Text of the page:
I got to the conclusion that the free and open source paradigm is not attractive for small and closed communities like the power system one. Thus a different software development approach has to be adopted. The idea is that Dome sources are available only to those researchers seriously willing to develop them in some meaningful manner. The resulting code is then included in the project and made available to following developers.

Of course, one cannot decide to get involved into a project without having at least a little taste of it. With this aim, I am posting a demo version of Dome, constrained in the number of buses.

For now, only Fedora's RPM packages for 64-bit platforms are available. Maybe in the future other platforms or package formats will be supported. However, Dome is not compatible with Windows, in any of its versions and, unless a very relevant reason changes my mind, it is not intended to be in the future.

So, what's next?

The mission of Dome is to develop novel algorithms, to model new devices and to test emerging technologies. Since power systems are experiencing overall and world-wide changes, this is a good moment for power system research and for the development of unconventional simulation tools.

Currently, I am interested in parallelization (multi-treading, multi-processing, GPU architetures, etc.), modelling non-conventional devices such as distributed and/or renewable energy sources, smart grids (even if I do not like this expression...). I am also interested in any project through which Dome could be potentially extended and improved.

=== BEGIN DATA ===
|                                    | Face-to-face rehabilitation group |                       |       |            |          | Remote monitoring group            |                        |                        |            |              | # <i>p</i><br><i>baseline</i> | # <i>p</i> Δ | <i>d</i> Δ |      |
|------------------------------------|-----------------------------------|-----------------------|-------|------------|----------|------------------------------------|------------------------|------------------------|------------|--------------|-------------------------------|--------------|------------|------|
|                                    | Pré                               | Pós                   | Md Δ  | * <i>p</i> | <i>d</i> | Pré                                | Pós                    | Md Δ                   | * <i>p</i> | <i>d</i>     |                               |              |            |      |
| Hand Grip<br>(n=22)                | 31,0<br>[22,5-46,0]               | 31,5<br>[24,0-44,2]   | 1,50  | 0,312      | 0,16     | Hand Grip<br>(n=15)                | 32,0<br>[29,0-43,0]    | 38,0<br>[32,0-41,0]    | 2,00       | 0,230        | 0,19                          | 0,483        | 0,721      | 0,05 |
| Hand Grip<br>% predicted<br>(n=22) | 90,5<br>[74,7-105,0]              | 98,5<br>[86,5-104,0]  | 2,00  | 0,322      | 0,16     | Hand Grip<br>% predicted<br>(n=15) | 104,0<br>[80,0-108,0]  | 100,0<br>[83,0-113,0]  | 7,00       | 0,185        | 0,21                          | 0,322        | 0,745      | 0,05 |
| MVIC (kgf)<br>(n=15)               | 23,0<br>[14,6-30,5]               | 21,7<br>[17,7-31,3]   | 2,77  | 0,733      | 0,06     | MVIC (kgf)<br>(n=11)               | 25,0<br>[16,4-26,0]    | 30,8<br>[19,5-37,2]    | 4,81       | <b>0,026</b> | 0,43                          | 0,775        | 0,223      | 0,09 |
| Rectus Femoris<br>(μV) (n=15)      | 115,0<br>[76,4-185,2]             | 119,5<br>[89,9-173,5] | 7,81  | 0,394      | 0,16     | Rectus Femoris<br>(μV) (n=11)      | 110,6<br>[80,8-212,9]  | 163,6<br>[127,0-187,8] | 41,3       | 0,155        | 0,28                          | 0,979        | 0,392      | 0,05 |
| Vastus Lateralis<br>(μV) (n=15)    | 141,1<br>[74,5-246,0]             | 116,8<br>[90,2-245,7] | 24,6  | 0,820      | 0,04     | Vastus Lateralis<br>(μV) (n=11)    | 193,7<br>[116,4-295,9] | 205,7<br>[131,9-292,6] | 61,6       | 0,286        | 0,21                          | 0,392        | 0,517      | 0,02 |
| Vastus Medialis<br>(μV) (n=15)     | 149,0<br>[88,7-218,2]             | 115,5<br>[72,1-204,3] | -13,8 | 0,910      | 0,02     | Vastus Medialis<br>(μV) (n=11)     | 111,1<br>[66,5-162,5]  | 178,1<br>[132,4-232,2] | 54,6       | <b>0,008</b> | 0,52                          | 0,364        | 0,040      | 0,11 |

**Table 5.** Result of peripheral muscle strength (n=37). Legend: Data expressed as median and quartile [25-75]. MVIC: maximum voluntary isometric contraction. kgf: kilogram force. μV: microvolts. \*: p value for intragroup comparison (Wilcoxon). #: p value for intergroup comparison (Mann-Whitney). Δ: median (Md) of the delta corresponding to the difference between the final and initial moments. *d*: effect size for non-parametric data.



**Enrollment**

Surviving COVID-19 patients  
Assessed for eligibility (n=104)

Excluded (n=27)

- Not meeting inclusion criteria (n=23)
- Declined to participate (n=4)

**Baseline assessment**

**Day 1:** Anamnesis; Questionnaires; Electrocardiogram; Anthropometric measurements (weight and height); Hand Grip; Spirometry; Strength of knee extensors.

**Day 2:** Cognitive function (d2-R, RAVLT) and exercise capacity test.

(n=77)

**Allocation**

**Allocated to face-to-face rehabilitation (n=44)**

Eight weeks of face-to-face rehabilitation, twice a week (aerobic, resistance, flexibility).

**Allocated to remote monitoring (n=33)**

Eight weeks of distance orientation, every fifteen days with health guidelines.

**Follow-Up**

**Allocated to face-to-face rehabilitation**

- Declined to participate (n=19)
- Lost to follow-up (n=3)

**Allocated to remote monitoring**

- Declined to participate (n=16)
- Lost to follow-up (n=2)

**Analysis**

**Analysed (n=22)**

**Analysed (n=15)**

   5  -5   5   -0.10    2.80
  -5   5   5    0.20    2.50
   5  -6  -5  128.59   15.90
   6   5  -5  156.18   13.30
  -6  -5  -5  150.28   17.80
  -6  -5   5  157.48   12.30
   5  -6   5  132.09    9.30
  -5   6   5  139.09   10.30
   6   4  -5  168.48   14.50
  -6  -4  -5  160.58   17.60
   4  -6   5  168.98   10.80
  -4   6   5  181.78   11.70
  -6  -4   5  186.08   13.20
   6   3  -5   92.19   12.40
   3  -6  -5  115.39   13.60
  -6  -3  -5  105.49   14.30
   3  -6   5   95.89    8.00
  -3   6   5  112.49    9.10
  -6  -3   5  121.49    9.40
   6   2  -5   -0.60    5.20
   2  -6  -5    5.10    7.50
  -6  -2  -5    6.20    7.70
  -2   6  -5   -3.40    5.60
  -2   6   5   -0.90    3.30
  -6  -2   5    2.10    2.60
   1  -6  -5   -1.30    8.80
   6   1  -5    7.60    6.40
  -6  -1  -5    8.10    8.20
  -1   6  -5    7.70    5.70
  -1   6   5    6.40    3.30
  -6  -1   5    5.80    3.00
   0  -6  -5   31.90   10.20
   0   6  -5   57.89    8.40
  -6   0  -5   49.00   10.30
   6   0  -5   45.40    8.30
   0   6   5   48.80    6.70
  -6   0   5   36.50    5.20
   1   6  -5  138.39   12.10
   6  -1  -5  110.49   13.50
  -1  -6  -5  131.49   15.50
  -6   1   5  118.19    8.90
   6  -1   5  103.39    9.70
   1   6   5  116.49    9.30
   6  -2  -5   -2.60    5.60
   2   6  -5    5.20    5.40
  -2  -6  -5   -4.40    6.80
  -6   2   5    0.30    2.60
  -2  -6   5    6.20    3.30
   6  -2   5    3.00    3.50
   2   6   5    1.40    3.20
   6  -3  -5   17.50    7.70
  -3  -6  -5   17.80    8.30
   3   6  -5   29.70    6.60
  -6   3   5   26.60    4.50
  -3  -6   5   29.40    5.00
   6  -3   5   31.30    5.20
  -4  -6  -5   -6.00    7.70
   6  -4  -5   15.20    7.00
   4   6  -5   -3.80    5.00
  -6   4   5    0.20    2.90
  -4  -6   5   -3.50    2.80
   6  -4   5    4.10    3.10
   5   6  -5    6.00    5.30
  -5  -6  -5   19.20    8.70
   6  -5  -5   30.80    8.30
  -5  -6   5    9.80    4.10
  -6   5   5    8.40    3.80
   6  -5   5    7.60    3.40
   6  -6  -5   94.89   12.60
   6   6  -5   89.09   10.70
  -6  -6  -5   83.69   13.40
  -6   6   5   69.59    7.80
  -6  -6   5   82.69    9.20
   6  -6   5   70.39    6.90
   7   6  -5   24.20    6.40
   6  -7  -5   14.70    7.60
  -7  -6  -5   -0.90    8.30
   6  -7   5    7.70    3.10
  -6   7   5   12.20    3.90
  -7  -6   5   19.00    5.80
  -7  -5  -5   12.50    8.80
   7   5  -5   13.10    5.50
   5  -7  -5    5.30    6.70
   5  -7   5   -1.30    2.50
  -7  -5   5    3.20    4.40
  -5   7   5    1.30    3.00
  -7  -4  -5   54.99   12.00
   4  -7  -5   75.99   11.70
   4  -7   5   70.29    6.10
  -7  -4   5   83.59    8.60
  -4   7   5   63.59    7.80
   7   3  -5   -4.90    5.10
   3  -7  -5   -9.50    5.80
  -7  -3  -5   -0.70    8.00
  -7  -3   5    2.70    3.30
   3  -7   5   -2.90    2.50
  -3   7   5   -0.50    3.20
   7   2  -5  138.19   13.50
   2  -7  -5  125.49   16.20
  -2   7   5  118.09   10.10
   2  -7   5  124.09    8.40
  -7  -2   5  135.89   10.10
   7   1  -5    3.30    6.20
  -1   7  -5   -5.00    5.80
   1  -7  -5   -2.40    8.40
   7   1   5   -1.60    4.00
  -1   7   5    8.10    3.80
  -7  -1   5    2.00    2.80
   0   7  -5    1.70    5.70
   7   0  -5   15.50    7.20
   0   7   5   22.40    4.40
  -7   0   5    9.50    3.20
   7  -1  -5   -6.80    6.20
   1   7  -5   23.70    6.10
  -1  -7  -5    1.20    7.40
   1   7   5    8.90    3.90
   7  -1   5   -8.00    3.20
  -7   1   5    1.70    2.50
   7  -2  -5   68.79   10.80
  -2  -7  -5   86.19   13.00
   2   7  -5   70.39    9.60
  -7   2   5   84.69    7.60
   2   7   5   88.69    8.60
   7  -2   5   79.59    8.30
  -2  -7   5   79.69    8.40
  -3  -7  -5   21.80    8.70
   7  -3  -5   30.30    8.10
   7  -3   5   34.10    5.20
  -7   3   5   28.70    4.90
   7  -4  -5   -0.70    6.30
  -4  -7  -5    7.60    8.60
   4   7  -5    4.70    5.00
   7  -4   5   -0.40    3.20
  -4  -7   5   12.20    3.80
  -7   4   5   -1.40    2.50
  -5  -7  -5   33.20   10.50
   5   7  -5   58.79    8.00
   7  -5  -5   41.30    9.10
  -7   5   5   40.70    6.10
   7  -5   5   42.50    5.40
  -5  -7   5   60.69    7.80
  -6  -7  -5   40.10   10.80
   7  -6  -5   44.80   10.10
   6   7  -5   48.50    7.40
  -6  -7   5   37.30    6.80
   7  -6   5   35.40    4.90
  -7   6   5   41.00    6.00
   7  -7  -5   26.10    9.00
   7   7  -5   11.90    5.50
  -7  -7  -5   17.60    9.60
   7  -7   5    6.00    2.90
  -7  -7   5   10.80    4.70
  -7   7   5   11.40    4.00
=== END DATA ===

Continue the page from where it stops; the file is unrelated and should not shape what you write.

So, in turn, the next step is just to contact me!.

I welcome collaborations with researchers, universities, scientific laboratories, Ph.D. student candidates, visiting scholars, etc. All we have to do is to agree on some research topic of common interest and then defining a development plan. At the end of the collaboration, any useful implemented code will be included in Dome and, possibly, reused by others in the future.

Industries interested in appointments can contact me to discuss features to be implemented in Dome.

I offer ad hoc solutions for specific problems (e.g., implementation of a device model or a data parser) or more complex collaborations oriented to develop a custom software product. The terms of the agreemt are decided based on the project but, in any case, I will maintain the right to reuse any code resulting by the project and to include it in Dome.